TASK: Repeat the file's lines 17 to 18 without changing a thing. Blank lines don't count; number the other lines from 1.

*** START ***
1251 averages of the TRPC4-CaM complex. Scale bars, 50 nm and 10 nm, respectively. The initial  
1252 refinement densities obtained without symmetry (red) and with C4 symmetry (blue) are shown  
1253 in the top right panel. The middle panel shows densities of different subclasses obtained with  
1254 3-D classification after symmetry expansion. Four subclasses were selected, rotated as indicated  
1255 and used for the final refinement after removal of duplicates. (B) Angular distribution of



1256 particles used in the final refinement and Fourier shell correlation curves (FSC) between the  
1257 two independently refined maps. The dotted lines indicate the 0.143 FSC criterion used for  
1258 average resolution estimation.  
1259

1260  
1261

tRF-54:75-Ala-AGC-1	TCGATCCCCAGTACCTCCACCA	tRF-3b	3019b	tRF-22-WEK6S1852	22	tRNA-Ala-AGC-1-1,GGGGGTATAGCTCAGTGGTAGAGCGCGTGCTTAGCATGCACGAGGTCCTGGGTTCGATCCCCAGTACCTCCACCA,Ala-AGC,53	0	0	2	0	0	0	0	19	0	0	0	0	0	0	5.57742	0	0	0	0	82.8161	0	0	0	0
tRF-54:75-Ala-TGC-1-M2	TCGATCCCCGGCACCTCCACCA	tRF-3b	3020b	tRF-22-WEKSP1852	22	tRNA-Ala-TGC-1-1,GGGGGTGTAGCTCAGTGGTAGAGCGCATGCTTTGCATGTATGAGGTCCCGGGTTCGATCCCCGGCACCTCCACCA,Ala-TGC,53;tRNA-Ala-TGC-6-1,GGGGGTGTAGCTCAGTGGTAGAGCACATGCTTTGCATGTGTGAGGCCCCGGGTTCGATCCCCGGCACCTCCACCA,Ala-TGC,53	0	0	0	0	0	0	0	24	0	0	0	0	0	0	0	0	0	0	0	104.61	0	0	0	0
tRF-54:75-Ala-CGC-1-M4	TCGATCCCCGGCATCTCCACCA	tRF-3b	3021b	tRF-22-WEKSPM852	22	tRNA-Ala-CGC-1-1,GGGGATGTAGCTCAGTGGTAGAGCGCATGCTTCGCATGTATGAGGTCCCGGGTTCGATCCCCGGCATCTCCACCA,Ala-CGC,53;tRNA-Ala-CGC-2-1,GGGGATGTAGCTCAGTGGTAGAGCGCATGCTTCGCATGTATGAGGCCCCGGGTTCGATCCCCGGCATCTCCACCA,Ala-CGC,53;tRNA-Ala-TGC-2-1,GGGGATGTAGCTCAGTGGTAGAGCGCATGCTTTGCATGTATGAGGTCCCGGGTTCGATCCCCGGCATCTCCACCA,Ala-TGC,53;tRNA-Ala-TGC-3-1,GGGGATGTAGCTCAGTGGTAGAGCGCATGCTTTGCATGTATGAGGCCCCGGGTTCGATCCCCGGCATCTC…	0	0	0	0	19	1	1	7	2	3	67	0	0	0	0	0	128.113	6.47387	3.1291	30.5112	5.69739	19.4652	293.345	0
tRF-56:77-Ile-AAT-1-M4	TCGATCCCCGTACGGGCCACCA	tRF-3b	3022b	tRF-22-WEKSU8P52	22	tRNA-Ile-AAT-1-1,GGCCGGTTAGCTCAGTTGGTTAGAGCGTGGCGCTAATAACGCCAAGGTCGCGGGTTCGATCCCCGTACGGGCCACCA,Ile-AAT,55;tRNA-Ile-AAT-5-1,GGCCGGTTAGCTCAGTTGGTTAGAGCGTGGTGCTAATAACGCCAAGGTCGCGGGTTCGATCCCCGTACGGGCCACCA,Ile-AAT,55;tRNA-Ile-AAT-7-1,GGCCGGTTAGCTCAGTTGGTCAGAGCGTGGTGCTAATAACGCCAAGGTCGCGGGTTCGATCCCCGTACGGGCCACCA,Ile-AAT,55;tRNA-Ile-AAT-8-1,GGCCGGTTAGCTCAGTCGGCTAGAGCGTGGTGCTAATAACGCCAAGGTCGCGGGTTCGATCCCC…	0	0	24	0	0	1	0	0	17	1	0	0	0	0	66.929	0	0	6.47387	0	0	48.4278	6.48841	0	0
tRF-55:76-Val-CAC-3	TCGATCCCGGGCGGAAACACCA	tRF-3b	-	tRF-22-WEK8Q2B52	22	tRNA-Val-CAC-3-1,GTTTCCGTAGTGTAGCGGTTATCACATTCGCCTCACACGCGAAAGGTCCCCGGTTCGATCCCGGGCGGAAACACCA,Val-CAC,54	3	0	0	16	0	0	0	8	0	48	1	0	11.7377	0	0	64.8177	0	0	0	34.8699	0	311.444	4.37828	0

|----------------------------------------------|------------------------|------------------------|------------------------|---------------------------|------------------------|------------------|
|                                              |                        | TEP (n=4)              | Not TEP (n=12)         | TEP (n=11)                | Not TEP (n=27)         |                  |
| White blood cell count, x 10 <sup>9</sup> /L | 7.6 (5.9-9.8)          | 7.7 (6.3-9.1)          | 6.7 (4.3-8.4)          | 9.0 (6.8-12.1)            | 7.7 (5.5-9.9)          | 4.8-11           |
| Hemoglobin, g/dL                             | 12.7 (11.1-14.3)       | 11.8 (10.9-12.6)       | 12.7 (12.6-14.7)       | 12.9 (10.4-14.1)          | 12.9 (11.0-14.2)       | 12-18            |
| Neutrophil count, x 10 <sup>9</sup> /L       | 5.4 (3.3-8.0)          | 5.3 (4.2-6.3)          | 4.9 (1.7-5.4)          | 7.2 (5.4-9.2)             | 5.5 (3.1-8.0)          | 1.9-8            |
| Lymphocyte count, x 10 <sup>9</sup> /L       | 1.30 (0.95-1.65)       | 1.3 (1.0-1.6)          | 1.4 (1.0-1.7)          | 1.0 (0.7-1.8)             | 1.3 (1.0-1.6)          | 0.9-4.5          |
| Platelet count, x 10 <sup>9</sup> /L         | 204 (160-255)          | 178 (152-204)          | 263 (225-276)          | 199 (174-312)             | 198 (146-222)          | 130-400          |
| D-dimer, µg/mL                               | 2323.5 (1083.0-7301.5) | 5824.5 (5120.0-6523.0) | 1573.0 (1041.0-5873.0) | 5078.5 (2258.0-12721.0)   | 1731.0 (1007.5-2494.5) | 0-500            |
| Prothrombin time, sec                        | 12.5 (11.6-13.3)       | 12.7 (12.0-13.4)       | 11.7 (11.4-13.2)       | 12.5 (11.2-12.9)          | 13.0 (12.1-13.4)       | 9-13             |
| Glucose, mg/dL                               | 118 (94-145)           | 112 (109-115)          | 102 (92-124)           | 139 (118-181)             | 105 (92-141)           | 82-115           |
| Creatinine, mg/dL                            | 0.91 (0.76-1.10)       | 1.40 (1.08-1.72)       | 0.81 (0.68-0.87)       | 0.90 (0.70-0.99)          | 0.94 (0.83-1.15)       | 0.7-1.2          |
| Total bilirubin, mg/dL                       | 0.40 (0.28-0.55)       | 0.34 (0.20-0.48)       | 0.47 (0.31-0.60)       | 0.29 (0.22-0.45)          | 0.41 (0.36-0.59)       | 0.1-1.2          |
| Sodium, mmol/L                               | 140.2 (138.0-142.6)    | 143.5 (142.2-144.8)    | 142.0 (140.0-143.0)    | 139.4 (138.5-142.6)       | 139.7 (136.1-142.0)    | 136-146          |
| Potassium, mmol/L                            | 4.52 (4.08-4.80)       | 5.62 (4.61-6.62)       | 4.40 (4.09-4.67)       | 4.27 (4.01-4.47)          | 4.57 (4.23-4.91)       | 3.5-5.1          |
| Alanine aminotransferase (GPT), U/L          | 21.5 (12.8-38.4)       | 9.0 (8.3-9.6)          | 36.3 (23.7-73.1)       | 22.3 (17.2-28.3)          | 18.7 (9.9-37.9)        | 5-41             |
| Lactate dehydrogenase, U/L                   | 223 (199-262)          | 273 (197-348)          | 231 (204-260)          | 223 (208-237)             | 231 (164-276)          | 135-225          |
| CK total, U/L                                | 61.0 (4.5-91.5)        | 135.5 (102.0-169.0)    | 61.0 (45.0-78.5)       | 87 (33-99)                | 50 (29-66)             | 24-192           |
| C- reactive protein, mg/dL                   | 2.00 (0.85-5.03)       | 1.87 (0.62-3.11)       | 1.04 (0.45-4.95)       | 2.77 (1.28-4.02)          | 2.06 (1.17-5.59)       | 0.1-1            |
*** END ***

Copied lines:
|----------------------------------------------|------------------------|------------------------|------------------------|---------------------------|------------------------|------------------|
|                                              |                        | TEP (n=4)              | Not TEP (n=12)         | TEP (n=11)                | Not TEP (n=27)         |                  |